Depending on the size of the business, a business owner may opt for one of two methods of bookkeeping – the ‘Single Entry Method’ or the ‘Double Entry Method’. In case of a very small company with limited transactions, the single-entry method may be opted for, which is similar to keeping a check register where the transactions are recorded as bills are paid and deposits are made into the company account. This method is most commonly used by the manual bookkeepers.
However, for companies of any size, the double-entry method is preferable. Under this method, the two aspects of every aspect, i.e. the credit and debit must always tally and hence, at least two entries are to be made for each transaction. This tally makes it extremely useful in minimizing recording errors.
Cash or accrual accounting
Another important choice to be made while setting up the bookkeeping system is whether to opt for a cash or accrual accounting system. In case of a very small business or a sole proprietorship firm, cash accounting might be more appropriate where transactions are recorded whenever cash (actual money or electronic funds transfer) changes hands. On the other hand, in case of more complex business models operating on requesting credit from suppliers or offering credit to their customers, they will need to opt for an accrual accounting system, where purchase or sale transactions are recorded immediately in the form of Accounts Payable or Accounts Receivable irrespective of whether the cash exchange happens immediately or in the future. A business can also start off with cash accounting and transition to accrual accounting as they grow.
Basics of accounting
Before setting up the bookkeeping system, three basic terms that are there in the format of a balance sheet, need to be understood.
- Assets: Asset accounts enlist the cash account, the marketable securities account, inventory accounts receivable, fixed assets such as land, buildings, and equipment and even intangible assets such as customer goodwill.
- Liabilities: Liability accounts include both current liabilities like accounts payable (what the business owes to its suppliers, credit cards, and bank loans) and accruals (taxes owed to the State) as well as long-term liabilities.
- Equity: Equity accounts include the claims the owners have against the company in the form of their investment in the firm.
The key bookkeeping formula is called the accounting equation: Assets=Liabilities+Equity. It means that the assets (what is owned by the business) has to be balanced out against the liabilities and equity (claims against the business).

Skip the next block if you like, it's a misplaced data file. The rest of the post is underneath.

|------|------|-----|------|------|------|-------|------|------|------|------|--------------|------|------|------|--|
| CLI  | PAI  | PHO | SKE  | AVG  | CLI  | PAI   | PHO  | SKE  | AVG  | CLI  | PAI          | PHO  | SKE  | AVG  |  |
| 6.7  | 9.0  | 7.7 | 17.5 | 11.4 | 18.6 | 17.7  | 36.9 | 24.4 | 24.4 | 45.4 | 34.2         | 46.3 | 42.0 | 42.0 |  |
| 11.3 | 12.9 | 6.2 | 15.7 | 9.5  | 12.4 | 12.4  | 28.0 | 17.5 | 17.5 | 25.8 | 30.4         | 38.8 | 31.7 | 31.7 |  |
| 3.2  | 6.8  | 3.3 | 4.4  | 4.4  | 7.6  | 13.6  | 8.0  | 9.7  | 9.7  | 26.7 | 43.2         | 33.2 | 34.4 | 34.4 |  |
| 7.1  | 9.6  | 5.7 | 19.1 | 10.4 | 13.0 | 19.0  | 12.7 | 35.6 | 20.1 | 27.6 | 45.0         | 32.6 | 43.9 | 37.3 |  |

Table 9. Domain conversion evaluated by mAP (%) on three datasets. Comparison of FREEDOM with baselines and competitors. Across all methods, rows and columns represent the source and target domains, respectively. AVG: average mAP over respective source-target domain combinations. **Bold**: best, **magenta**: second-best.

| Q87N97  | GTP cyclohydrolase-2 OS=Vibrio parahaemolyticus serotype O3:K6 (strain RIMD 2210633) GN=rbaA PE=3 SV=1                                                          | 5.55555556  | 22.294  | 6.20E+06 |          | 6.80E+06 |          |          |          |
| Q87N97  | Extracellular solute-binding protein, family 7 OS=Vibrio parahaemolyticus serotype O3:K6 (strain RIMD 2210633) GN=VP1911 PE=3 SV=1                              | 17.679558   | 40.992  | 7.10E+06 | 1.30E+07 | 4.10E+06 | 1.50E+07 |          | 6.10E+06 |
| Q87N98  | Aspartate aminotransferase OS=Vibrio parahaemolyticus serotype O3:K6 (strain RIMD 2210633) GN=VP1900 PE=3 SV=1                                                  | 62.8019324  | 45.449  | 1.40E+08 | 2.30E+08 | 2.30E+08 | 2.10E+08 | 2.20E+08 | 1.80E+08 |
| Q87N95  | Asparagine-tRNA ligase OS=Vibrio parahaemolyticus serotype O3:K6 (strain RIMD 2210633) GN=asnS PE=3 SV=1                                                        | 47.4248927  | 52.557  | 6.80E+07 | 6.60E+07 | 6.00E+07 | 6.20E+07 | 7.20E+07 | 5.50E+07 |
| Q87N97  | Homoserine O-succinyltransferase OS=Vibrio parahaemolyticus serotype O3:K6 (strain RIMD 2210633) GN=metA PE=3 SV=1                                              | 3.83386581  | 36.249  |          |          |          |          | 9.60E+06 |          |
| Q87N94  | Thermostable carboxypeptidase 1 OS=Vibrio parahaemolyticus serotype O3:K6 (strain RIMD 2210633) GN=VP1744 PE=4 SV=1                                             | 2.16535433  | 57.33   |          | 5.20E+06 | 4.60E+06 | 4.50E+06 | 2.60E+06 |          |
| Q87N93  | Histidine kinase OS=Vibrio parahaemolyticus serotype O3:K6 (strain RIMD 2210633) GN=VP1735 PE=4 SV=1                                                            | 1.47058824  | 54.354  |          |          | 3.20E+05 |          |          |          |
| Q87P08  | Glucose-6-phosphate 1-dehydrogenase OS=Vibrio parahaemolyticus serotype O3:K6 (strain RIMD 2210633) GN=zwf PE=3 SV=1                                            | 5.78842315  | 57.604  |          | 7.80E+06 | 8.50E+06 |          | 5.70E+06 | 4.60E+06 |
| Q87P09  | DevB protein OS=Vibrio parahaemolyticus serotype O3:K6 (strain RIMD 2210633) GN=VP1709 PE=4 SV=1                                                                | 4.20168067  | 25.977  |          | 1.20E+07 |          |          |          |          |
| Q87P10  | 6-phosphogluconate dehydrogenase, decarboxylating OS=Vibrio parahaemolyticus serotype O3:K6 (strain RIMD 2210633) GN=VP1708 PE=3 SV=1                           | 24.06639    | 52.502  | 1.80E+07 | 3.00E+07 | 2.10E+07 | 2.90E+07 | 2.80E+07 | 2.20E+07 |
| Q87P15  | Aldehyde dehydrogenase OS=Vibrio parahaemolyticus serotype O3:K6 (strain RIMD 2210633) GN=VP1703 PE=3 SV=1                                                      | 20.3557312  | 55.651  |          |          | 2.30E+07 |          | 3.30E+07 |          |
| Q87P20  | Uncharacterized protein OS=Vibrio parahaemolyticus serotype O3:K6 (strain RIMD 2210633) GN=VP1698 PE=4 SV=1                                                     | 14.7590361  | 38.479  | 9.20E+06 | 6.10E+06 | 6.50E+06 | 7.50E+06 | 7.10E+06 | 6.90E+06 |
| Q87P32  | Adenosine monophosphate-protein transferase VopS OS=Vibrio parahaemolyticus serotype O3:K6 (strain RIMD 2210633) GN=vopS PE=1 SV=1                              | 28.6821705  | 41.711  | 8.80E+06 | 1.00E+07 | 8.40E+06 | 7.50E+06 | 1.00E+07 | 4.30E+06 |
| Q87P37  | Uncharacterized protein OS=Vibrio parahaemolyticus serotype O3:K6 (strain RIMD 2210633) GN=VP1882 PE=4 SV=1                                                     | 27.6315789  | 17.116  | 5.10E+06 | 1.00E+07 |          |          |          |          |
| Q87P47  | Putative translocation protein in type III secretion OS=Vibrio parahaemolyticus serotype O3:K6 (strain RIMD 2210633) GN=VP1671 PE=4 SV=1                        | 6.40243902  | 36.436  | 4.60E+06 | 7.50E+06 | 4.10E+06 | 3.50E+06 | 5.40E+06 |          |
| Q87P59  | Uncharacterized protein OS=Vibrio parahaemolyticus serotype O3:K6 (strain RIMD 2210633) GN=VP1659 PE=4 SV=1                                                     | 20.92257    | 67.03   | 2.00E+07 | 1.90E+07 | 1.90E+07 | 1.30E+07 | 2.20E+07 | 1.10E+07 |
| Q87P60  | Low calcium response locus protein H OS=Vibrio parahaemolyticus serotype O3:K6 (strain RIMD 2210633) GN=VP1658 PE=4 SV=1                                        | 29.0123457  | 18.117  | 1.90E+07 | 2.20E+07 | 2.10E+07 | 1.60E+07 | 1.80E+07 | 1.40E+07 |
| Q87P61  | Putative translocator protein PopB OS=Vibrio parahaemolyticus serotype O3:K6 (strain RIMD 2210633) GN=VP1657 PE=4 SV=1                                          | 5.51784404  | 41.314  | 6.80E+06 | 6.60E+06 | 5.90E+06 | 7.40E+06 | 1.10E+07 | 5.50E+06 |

Difference between bookkeeping and accounting
While bookkeeping and accounting may be done by the same professional in a business and may hence appear to be the same, they are two different stages of handling financial data of a business. Bookkeeping refers to the identifying and recording of financial transactions in the prescribed form in journals and preparing a ledger account and trial balance whereas accounting refers to the summarising, classifying, interpreting, analysing and reporting the financial data.
Bookkeeping alone isn’t enough for assessment and yearly comparison of the financial situation of a business as well as payment of taxes. Accounting is hence necessary for the proper interpretation and compilation of the raw financial data into financial statements (like balance sheet, profit and loss account and cash flow statement) that can provide a clear view of the financial status of the business to the employees, creditors, investors, and the government. In small businesses the bookkeeping is often done by the owner himself. However, an accountant with the proper skill set is almost always required for the second stage of processing the financial data.
Basic accounting statements
- Balance Sheet – It provides a summary of the value of the business, its assets and liabilities, and its capacity to pay back its debts, depicting that the total assets and total liabilities always balance out.
- Cash flow statement – It tracks the payments and receipts of cash by recording receipts and outgoings such as capital influx, salaries and wages, revenue from sales, interest payments etc. and helps in indicating the excess or lack of cash in the business.
- Profit and loss account – It is an annual statement that shows the after profit or loss of the company after the deduction of annual costs and other expenses incurred by it from the annual sales income of the business.